I have long believed that large racial preferences in college admissions stamp blacks and Hispanics with a badge of inferiority. They thus taint the accomplishments of all those who are admitted as a result of racial discrimination as well as all those who are the same race as those admitted as a result of racial discrimination because no one can distinguish those students from the ones whose race played a role in their admission. Consequently, when blacks and, now, Hispanics take positions in the highest places of government, industry, or academia, it is an open question whether their skin color played a part in their advancement. The question itself is the stigma—because either racial discrimination did play a role, in which case the person may be deemed “otherwise unqualified,” or it did not, in which case asking the question itself unfairly marks those who would succeed without discrimination. [citations omitted]

In other words, if you are promoted, did the promotion occur because of your skin color? If so, your subordinates will be concerned about your qualifications for the job, perhaps rightly so. If the promotion did not occur because of your skin color, but was based on your merit only, your subordinates will assume this is not the case based on the prevalence of racial preferences. Either way the minority leader is unfairly handicapped, and military battlefield effectiveness is hampered, by racial preferences.

Two final points, somewhat ironic in nature.

First, as the Daily Caller article explains:

The government has dug itself into a bit of a hole,…because it often tries to achieve contradictory objectives in the name of national security.

On the one hand, it claims that diversity is a compelling national security (governmental) interest, thus race-based admissions are necessary to maintain diversity in the military. But on the other hand, it often argues in religious liberty cases that it cannot allow individual religious expression, such as the wearing of Sikh, Jewish, or Muslim articles of faith, because uniformity in the military is a compelling national security interest.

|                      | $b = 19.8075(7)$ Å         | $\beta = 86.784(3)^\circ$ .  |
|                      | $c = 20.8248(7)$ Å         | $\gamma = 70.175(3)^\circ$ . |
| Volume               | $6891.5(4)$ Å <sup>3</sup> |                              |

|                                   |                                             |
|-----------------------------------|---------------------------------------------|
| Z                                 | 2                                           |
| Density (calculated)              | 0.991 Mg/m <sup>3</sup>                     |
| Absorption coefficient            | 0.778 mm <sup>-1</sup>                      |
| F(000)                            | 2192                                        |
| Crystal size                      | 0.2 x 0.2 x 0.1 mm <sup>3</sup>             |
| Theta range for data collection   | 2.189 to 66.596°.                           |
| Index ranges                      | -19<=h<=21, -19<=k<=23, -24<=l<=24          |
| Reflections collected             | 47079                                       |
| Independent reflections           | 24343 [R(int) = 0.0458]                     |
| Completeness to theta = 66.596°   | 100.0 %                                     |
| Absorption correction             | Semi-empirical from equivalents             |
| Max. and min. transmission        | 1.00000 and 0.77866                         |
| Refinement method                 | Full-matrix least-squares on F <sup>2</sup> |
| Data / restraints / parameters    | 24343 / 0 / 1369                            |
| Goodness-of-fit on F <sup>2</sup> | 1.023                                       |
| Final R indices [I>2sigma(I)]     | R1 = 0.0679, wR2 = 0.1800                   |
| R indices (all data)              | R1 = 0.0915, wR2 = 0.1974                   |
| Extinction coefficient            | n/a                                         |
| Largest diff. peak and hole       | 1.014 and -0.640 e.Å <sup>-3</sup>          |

Second, the Supreme Court’s Affirmative Action opinion now creates a split in the military’s officer corps; graduates of the service academies will now have the “benefit” of racial preferences in the admissions process, but graduates of ROTC in civilian colleges will not:

In addition, the court applied the ruling to universities that host Reserve Officer Training Corps (ROTC) programs, which routinely commission officers into the military.

That is an implicit rejection of DOD’s claim [that affirmative action is necessary for military effectiveness]….

The fact that [the court] did not even blink at the military justification for racial preferences in the ROTC context, which is the largest source of officers, is pretty telling that the Court will not just roll over in a future lawsuit challenging the [service academy] racial preferences.

In any case, it seems inevitable that there will be follow-on litigation regarding affirmative action at the service academies — the sooner the better.


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The courts ruling provides no safe haven to any organization under the purview of the court.

The Affirmative Action ruling should be applied to nominating justices to the Supreme Court.

How could the ruling not apply to military academies?

    GWB in reply to MarkS. | July 12, 2023 at 9:29 am

    The problem is the service academies are not solely “educational institutions.”
    They are primarily a training program for officers, with an educational institution layered over the top (because you have to have a degree to gain a commission). The criteria used for entry to an academy is more than academic*, centered on the potential to become a valuable career officer.

    (* Most “institutions of higher learning” now use a more comprehensive test to evaluate applicants. But the academies have been doing it for… well, since at least the 50s. And I think a lot longer than that.)